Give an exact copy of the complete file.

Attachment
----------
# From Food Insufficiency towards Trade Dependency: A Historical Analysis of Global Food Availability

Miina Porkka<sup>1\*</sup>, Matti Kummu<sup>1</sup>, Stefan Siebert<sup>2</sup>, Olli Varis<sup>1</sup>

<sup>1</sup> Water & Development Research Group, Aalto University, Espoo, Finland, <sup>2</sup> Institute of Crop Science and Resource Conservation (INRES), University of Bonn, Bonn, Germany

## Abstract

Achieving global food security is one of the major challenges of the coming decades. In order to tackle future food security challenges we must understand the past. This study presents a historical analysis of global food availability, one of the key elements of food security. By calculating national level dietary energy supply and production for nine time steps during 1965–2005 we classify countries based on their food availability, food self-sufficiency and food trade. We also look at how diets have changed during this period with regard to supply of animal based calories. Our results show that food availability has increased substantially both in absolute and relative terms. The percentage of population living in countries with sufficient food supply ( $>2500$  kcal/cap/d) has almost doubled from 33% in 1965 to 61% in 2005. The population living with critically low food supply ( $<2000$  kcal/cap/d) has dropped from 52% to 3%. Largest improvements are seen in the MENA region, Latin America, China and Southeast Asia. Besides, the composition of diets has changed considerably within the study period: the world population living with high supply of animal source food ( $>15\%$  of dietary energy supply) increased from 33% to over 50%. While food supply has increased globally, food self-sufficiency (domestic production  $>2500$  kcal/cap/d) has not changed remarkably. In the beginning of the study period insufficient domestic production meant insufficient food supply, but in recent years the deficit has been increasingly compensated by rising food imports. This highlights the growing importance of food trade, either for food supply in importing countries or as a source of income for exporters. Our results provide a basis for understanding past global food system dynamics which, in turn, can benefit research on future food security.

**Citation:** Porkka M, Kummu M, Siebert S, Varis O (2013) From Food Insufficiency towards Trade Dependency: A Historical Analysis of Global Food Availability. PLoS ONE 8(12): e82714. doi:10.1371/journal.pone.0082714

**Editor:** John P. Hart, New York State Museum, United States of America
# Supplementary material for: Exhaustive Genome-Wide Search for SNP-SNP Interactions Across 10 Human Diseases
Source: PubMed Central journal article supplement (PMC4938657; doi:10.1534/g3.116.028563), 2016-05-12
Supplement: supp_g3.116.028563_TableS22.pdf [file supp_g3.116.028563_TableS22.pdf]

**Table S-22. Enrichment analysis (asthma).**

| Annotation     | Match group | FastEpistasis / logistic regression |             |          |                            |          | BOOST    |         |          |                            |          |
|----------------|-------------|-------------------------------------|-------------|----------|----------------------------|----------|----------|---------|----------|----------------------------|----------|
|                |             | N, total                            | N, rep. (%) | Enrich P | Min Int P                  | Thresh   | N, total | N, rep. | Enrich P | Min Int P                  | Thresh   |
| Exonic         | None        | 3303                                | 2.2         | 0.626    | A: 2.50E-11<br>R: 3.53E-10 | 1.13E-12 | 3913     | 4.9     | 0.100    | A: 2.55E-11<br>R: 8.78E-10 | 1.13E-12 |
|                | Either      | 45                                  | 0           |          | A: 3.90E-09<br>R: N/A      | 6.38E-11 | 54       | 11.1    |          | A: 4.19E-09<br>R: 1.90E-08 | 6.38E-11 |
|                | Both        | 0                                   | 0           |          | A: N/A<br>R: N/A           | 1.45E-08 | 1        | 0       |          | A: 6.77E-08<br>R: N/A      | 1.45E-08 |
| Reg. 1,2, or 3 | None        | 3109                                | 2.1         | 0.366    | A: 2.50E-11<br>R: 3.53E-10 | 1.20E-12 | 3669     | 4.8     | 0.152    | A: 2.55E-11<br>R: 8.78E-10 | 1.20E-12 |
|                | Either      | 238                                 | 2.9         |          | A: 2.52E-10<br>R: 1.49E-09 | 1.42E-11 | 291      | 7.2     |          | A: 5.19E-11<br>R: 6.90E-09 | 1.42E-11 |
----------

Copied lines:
# From Food Insufficiency towards Trade Dependency: A Historical Analysis of Global Food Availability

Miina Porkka<sup>1\*</sup>, Matti Kummu<sup>1</sup>, Stefan Siebert<sup>2</sup>, Olli Varis<sup>1</sup>

<sup>1</sup> Water & Development Research Group, Aalto University, Espoo, Finland, <sup>2</sup> Institute of Crop Science and Resource Conservation (INRES), University of Bonn, Bonn, Germany

## Abstract

Achieving global food security is one of the major challenges of the coming decades. In order to tackle future food security challenges we must understand the past. This study presents a historical analysis of global food availability, one of the key elements of food security. By calculating national level dietary energy supply and production for nine time steps during 1965–2005 we classify countries based on their food availability, food self-sufficiency and food trade. We also look at how diets have changed during this period with regard to supply of animal based calories. Our results show that food availability has increased substantially both in absolute and relative terms. The percentage of population living in countries with sufficient food supply ( $>2500$  kcal/cap/d) has almost doubled from 33% in 1965 to 61% in 2005. The population living with critically low food supply ( $<2000$  kcal/cap/d) has dropped from 52% to 3%. Largest improvements are seen in the MENA region, Latin America, China and Southeast Asia. Besides, the composition of diets has changed considerably within the study period: the world population living with high supply of animal source food ( $>15\%$  of dietary energy supply) increased from 33% to over 50%. While food supply has increased globally, food self-sufficiency (domestic production  $>2500$  kcal/cap/d) has not changed remarkably. In the beginning of the study period insufficient domestic production meant insufficient food supply, but in recent years the deficit has been increasingly compensated by rising food imports. This highlights the growing importance of food trade, either for food supply in importing countries or as a source of income for exporters. Our results provide a basis for understanding past global food system dynamics which, in turn, can benefit research on future food security.

**Citation:** Porkka M, Kummu M, Siebert S, Varis O (2013) From Food Insufficiency towards Trade Dependency: A Historical Analysis of Global Food Availability. PLoS ONE 8(12): e82714. doi:10.1371/journal.pone.0082714

**Editor:** John P. Hart, New York State Museum, United States of America
# Supplementary material for: Exhaustive Genome-Wide Search for SNP-SNP Interactions Across 10 Human Diseases
Source: PubMed Central journal article supplement (PMC4938657; doi:10.1534/g3.116.028563), 2016-05-12
Supplement: supp_g3.116.028563_TableS22.pdf [file supp_g3.116.028563_TableS22.pdf]

**Table S-22. Enrichment analysis (asthma).**

| Annotation     | Match group | FastEpistasis / logistic regression |             |          |                            |          | BOOST    |         |          |                            |          |
|----------------|-------------|-------------------------------------|-------------|----------|----------------------------|----------|----------|---------|----------|----------------------------|----------|
|                |             | N, total                            | N, rep. (%) | Enrich P | Min Int P                  | Thresh   | N, total | N, rep. | Enrich P | Min Int P                  | Thresh   |
| Exonic         | None        | 3303                                | 2.2         | 0.626    | A: 2.50E-11<br>R: 3.53E-10 | 1.13E-12 | 3913     | 4.9     | 0.100    | A: 2.55E-11<br>R: 8.78E-10 | 1.13E-12 |
|                | Either      | 45                                  | 0           |          | A: 3.90E-09<br>R: N/A      | 6.38E-11 | 54       | 11.1    |          | A: 4.19E-09<br>R: 1.90E-08 | 6.38E-11 |
|                | Both        | 0                                   | 0           |          | A: N/A<br>R: N/A           | 1.45E-08 | 1        | 0       |          | A: 6.77E-08<br>R: N/A      | 1.45E-08 |
| Reg. 1,2, or 3 | None        | 3109                                | 2.1         | 0.366    | A: 2.50E-11<br>R: 3.53E-10 | 1.20E-12 | 3669     | 4.8     | 0.152    | A: 2.55E-11<br>R: 8.78E-10 | 1.20E-12 |
|                | Either      | 238                                 | 2.9         |          | A: 2.52E-10<br>R: 1.49E-09 | 1.42E-11 | 291      | 7.2     |          | A: 5.19E-11<br>R: 6.90E-09 | 1.42E-11 |